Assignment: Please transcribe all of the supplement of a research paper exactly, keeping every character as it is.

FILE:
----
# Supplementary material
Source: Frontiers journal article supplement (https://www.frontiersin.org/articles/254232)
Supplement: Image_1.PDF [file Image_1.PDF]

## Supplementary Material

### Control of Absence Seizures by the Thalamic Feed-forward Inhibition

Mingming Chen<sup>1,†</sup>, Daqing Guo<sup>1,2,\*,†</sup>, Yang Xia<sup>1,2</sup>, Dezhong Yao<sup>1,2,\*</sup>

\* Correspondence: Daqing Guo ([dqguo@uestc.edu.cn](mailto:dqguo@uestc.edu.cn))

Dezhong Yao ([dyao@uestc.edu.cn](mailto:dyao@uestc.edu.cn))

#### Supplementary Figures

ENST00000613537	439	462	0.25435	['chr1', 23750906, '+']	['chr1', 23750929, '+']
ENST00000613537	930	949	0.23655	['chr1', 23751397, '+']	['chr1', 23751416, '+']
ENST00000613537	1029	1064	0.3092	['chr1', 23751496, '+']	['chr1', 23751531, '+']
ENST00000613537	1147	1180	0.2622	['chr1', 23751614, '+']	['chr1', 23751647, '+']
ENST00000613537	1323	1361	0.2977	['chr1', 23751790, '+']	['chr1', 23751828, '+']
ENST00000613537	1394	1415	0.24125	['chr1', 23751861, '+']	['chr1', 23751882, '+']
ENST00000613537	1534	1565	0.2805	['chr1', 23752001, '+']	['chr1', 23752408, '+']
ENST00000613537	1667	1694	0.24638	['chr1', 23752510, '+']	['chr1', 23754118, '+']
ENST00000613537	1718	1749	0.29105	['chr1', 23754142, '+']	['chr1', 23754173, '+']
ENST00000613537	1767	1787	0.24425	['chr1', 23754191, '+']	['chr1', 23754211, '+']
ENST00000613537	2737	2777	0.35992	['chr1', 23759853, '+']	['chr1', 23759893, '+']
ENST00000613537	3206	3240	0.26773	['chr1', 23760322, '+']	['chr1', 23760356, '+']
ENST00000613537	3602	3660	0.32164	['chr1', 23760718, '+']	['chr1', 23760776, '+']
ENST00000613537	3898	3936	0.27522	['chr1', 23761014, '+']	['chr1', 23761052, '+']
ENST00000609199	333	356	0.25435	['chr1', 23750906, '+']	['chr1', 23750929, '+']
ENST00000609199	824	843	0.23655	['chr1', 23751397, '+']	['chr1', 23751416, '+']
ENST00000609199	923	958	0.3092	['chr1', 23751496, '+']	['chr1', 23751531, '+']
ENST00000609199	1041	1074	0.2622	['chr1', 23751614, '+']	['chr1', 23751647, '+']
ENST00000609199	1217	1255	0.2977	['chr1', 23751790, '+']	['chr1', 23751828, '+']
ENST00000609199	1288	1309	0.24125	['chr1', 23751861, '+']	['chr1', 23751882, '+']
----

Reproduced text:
# Supplementary material
Source: Frontiers journal article supplement (https://www.frontiersin.org/articles/254232)
Supplement: Image_1.PDF [file Image_1.PDF]

## Supplementary Material

### Control of Absence Seizures by the Thalamic Feed-forward Inhibition

Mingming Chen<sup>1,†</sup>, Daqing Guo<sup>1,2,\*,†</sup>, Yang Xia<sup>1,2</sup>, Dezhong Yao<sup>1,2,\*</sup>

\* Correspondence: Daqing Guo ([dqguo@uestc.edu.cn](mailto:dqguo@uestc.edu.cn))

Dezhong Yao ([dyao@uestc.edu.cn](mailto:dyao@uestc.edu.cn))

#### Supplementary Figures

ENST00000613537	439	462	0.25435	['chr1', 23750906, '+']	['chr1', 23750929, '+']
ENST00000613537	930	949	0.23655	['chr1', 23751397, '+']	['chr1', 23751416, '+']
ENST00000613537	1029	1064	0.3092	['chr1', 23751496, '+']	['chr1', 23751531, '+']
ENST00000613537	1147	1180	0.2622	['chr1', 23751614, '+']	['chr1', 23751647, '+']
ENST00000613537	1323	1361	0.2977	['chr1', 23751790, '+']	['chr1', 23751828, '+']
ENST00000613537	1394	1415	0.24125	['chr1', 23751861, '+']	['chr1', 23751882, '+']
ENST00000613537	1534	1565	0.2805	['chr1', 23752001, '+']	['chr1', 23752408, '+']
ENST00000613537	1667	1694	0.24638	['chr1', 23752510, '+']	['chr1', 23754118, '+']
ENST00000613537	1718	1749	0.29105	['chr1', 23754142, '+']	['chr1', 23754173, '+']
ENST00000613537	1767	1787	0.24425	['chr1', 23754191, '+']	['chr1', 23754211, '+']
ENST00000613537	2737	2777	0.35992	['chr1', 23759853, '+']	['chr1', 23759893, '+']
ENST00000613537	3206	3240	0.26773	['chr1', 23760322, '+']	['chr1', 23760356, '+']
ENST00000613537	3602	3660	0.32164	['chr1', 23760718, '+']	['chr1', 23760776, '+']
ENST00000613537	3898	3936	0.27522	['chr1', 23761014, '+']	['chr1', 23761052, '+']
ENST00000609199	333	356	0.25435	['chr1', 23750906, '+']	['chr1', 23750929, '+']
ENST00000609199	824	843	0.23655	['chr1', 23751397, '+']	['chr1', 23751416, '+']
ENST00000609199	923	958	0.3092	['chr1', 23751496, '+']	['chr1', 23751531, '+']
ENST00000609199	1041	1074	0.2622	['chr1', 23751614, '+']	['chr1', 23751647, '+']
ENST00000609199	1217	1255	0.2977	['chr1', 23751790, '+']	['chr1', 23751828, '+']
ENST00000609199	1288	1309	0.24125	['chr1', 23751861, '+']	['chr1', 23751882, '+']